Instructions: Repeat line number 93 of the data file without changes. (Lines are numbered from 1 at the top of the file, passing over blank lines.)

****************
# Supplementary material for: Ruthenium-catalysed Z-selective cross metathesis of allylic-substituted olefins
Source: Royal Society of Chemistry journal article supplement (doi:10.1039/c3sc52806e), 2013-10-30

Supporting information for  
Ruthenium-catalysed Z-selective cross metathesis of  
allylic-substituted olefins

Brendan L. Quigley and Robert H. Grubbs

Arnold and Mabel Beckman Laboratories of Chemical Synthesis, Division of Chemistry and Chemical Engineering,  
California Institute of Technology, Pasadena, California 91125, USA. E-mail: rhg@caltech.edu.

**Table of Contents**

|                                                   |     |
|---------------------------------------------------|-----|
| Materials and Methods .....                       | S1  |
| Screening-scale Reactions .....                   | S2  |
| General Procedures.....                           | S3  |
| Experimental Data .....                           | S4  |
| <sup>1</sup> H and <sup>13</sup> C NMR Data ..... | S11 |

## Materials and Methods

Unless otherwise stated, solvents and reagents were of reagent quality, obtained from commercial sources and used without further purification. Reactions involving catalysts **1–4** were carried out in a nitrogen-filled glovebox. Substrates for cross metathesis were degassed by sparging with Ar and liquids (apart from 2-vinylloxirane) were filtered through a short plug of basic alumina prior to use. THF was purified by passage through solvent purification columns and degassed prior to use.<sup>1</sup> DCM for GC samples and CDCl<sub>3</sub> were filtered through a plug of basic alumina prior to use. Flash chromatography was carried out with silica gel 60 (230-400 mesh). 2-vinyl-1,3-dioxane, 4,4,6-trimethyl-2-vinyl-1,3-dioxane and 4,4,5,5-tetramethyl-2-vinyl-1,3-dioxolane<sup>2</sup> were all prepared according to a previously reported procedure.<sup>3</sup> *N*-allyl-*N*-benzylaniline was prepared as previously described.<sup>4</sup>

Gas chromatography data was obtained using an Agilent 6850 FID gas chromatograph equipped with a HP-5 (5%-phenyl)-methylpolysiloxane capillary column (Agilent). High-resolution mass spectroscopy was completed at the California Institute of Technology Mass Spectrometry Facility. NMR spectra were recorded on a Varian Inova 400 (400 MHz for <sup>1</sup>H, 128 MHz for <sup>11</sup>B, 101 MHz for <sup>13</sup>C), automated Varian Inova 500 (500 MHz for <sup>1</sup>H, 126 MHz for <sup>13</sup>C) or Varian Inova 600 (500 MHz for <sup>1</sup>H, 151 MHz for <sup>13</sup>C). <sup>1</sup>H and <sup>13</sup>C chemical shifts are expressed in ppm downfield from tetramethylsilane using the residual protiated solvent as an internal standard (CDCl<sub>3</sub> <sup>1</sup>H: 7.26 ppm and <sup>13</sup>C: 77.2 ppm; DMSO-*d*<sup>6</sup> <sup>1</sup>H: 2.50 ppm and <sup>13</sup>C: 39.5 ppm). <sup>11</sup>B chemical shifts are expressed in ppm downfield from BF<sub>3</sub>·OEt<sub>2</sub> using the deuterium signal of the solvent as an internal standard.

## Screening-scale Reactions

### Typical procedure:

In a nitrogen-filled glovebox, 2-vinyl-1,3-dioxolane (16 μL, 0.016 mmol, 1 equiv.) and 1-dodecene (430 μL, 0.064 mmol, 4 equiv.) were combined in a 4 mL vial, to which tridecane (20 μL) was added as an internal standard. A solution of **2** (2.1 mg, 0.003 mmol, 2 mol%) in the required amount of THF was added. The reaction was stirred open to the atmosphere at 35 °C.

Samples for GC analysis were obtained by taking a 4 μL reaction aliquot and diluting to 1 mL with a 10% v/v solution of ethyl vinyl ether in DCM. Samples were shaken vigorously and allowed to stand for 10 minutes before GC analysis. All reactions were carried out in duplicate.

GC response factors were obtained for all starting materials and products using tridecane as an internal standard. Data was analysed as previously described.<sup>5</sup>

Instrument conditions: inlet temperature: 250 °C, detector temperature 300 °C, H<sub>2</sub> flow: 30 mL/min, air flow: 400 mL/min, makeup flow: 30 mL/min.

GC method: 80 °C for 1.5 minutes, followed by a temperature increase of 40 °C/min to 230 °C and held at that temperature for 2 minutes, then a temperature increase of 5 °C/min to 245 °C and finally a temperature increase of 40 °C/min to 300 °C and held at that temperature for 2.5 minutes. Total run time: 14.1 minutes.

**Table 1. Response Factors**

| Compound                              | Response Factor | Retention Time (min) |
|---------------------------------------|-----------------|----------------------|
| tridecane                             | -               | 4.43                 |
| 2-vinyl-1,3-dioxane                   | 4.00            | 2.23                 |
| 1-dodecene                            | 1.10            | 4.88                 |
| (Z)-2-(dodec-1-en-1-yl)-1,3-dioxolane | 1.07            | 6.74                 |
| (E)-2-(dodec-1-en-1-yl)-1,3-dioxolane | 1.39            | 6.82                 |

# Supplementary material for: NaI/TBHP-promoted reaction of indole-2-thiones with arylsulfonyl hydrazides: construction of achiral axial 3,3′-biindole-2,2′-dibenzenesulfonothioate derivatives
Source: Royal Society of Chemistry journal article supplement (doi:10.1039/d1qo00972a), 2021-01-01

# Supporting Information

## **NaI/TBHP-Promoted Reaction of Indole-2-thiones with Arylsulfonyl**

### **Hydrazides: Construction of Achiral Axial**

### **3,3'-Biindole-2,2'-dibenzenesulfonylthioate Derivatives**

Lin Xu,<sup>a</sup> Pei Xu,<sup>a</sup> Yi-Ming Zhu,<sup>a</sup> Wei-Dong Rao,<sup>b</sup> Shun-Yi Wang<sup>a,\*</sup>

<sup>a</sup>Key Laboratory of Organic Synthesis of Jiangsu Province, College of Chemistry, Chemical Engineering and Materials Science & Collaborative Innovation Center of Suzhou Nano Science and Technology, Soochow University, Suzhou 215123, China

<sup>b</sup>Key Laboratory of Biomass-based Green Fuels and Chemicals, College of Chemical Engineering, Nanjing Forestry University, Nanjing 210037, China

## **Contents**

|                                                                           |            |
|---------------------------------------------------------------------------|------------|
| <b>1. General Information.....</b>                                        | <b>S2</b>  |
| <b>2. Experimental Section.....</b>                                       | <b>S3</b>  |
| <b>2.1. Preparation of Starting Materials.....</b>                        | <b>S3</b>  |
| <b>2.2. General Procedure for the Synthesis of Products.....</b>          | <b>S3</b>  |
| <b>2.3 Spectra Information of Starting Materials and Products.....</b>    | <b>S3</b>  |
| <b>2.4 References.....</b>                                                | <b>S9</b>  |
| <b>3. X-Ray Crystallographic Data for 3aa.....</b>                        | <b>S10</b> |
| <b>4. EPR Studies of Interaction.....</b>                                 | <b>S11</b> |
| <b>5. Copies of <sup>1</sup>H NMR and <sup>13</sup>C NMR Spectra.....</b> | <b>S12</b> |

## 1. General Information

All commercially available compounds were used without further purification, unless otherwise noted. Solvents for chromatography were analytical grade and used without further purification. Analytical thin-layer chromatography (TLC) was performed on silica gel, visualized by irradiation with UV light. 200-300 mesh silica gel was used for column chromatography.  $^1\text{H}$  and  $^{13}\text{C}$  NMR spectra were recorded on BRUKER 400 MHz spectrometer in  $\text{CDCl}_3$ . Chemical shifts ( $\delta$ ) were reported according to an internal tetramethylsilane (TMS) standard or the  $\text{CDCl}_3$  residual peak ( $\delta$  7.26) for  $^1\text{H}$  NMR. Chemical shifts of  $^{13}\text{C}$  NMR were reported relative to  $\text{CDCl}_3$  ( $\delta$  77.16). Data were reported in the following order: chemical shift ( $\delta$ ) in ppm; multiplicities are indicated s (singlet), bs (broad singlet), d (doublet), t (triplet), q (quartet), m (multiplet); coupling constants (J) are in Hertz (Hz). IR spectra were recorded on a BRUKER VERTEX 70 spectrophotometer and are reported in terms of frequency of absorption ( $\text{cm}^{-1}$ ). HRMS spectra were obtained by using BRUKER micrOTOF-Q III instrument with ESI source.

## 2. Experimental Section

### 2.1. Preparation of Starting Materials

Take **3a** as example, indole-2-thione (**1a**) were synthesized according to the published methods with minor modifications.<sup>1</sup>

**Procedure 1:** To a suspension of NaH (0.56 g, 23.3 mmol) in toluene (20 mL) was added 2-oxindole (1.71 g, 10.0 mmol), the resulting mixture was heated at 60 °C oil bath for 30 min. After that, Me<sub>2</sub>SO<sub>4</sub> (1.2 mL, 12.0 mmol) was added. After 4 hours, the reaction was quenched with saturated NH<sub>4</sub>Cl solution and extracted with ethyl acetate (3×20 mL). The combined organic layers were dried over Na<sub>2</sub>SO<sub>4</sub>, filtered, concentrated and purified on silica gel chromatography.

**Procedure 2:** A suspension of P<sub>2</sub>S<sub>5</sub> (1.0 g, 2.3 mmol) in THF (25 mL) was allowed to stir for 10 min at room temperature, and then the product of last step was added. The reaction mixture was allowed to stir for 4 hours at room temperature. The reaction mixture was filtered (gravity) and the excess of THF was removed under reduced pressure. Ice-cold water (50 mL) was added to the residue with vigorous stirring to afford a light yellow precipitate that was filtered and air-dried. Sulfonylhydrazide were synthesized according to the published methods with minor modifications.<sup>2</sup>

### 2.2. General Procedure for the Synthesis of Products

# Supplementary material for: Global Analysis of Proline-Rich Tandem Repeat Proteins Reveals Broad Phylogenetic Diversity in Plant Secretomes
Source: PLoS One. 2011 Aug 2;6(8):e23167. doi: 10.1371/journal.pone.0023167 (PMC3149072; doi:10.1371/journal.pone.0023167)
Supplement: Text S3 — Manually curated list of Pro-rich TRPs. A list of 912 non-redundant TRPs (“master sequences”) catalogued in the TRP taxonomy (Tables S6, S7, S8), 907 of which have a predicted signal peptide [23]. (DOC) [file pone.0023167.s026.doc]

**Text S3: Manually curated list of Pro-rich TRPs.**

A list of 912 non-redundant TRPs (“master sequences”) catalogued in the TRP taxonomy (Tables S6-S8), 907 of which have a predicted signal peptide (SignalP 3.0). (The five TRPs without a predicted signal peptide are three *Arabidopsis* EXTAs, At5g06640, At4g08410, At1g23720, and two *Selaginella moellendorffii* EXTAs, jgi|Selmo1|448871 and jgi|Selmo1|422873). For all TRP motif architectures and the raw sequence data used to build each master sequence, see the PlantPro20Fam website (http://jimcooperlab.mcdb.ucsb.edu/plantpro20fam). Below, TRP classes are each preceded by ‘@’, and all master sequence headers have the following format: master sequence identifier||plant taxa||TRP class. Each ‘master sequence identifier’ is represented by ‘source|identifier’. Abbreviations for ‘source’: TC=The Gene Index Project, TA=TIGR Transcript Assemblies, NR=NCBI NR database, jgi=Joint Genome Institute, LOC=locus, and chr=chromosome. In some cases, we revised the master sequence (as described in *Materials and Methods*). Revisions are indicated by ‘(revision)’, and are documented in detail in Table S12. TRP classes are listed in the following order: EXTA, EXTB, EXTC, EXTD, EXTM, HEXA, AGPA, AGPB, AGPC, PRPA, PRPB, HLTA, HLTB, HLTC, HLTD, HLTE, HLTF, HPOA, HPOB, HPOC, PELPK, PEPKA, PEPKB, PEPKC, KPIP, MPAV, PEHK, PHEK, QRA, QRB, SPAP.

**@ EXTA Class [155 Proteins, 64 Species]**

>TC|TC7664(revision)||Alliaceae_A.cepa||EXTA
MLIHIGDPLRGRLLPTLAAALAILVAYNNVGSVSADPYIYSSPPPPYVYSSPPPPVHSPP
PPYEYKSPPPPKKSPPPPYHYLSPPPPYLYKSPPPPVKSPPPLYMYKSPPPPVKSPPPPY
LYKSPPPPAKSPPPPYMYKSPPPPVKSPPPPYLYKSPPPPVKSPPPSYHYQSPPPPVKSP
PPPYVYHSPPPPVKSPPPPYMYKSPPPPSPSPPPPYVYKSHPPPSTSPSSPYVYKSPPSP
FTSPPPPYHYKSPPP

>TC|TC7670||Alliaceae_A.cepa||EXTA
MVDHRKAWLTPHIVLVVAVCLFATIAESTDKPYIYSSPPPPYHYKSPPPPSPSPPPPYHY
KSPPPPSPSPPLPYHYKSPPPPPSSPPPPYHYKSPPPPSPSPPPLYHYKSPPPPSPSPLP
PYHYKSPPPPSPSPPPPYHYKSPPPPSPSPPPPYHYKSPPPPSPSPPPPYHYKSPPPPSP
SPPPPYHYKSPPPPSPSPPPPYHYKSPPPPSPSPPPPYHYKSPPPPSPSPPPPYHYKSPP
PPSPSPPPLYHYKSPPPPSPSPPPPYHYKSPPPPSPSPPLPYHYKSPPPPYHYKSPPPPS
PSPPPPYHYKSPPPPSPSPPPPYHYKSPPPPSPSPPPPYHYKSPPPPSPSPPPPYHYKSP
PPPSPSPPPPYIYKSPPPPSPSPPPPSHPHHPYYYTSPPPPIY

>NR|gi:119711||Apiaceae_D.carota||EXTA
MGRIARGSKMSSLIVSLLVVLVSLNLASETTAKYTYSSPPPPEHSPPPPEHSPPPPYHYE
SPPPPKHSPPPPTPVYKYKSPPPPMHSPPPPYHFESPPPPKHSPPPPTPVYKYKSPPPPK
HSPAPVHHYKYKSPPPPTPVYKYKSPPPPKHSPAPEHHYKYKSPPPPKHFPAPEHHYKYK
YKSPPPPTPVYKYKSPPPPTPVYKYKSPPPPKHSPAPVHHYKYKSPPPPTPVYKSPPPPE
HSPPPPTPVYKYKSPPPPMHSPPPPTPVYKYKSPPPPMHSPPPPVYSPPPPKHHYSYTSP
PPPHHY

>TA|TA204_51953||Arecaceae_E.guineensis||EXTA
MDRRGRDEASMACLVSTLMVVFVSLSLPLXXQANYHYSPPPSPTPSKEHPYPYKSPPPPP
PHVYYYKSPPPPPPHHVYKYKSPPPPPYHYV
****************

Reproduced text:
PHVYYYKSPPPPPPHHVYKYKSPPPPPYHYV